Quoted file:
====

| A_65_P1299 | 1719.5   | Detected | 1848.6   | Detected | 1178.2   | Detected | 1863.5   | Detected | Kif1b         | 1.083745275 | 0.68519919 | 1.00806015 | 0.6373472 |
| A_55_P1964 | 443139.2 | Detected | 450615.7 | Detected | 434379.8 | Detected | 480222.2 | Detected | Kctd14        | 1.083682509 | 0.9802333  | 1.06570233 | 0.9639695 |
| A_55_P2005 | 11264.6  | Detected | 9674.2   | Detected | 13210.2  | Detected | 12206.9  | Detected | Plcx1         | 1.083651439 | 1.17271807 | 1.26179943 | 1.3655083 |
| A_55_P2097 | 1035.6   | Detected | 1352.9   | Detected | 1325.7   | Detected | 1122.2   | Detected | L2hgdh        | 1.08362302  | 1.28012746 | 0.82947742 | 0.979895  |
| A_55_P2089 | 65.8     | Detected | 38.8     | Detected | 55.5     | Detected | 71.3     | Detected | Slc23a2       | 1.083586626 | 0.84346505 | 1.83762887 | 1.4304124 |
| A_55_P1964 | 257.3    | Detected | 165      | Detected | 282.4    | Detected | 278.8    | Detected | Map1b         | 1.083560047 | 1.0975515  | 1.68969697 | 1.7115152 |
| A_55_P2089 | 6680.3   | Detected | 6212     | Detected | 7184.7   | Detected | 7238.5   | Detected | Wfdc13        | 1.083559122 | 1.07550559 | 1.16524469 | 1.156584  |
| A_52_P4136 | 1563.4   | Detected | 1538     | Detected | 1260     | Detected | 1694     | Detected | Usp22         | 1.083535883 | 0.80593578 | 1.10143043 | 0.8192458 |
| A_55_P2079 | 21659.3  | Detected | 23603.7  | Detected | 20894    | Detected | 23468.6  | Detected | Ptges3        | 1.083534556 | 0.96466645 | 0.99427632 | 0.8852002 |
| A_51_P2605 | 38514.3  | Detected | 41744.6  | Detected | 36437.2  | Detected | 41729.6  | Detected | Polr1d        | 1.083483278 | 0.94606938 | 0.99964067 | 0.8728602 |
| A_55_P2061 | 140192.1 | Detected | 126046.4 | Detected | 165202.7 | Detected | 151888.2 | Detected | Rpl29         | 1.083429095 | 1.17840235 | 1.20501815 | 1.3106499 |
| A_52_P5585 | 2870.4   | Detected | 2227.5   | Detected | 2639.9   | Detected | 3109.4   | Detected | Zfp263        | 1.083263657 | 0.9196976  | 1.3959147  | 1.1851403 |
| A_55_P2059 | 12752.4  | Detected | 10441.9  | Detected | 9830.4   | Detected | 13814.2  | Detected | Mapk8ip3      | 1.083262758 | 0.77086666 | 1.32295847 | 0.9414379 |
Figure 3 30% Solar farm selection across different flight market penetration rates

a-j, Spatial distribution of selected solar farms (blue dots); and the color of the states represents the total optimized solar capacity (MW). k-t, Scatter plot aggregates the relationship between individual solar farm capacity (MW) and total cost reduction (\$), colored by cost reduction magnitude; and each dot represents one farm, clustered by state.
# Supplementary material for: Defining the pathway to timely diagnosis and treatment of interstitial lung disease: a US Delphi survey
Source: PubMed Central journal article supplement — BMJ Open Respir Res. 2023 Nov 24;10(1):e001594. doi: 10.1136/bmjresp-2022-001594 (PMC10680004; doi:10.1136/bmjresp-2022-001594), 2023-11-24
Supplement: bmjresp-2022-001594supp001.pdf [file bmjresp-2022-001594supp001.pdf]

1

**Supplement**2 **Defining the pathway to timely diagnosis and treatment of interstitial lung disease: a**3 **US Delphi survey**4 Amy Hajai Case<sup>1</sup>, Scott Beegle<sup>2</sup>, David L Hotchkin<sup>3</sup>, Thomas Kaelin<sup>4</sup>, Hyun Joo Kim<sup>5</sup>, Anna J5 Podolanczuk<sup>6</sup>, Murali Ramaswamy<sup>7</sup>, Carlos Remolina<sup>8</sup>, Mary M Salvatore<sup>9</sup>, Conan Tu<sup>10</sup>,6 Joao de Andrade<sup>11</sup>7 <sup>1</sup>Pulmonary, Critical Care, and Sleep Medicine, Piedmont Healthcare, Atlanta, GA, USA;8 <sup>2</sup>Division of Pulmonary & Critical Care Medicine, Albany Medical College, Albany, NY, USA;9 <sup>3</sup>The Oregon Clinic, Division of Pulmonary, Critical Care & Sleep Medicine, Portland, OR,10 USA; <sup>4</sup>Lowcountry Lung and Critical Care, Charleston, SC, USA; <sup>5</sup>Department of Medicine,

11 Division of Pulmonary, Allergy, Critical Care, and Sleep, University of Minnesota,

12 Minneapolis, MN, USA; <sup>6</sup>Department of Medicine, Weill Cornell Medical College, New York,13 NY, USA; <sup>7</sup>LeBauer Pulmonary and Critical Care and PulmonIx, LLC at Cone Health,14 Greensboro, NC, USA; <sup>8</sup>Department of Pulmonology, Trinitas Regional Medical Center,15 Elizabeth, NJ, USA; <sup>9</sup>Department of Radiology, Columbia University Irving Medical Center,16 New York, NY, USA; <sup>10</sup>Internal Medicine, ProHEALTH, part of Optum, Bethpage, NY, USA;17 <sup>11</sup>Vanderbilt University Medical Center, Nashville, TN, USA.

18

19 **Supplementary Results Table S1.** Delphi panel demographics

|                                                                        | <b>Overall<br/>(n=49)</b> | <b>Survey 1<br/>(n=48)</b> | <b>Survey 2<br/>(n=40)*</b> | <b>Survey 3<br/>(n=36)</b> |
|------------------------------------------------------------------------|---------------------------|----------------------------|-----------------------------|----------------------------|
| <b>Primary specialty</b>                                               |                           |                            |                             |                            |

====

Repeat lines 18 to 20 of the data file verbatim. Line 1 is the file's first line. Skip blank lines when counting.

Supplement: bmjresp-2022-001594supp001.pdf [file bmjresp-2022-001594supp001.pdf]

1

**Supplement**2 **Defining the pathway to timely diagnosis and treatment of interstitial lung disease: a**3 **US Delphi survey**4 Amy Hajai Case<sup>1</sup>, Scott Beegle<sup>2</sup>, David L Hotchkin<sup>3</sup>, Thomas Kaelin<sup>4</sup>, Hyun Joo Kim<sup>5</sup>, Anna J5 Podolanczuk<sup>6</sup>, Murali Ramaswamy<sup>7</sup>, Carlos Remolina<sup>8</sup>, Mary M Salvatore<sup>9</sup>, Conan Tu<sup>10</sup>,6 Joao de Andrade<sup>11</sup>7 <sup>1</sup>Pulmonary, Critical Care, and Sleep Medicine, Piedmont Healthcare, Atlanta, GA, USA;8 <sup>2</sup>Division of Pulmonary & Critical Care Medicine, Albany Medical College, Albany, NY, USA;9 <sup>3</sup>The Oregon Clinic, Division of Pulmonary, Critical Care & Sleep Medicine, Portland, OR,10 USA; <sup>4</sup>Lowcountry Lung and Critical Care, Charleston, SC, USA; <sup>5</sup>Department of Medicine,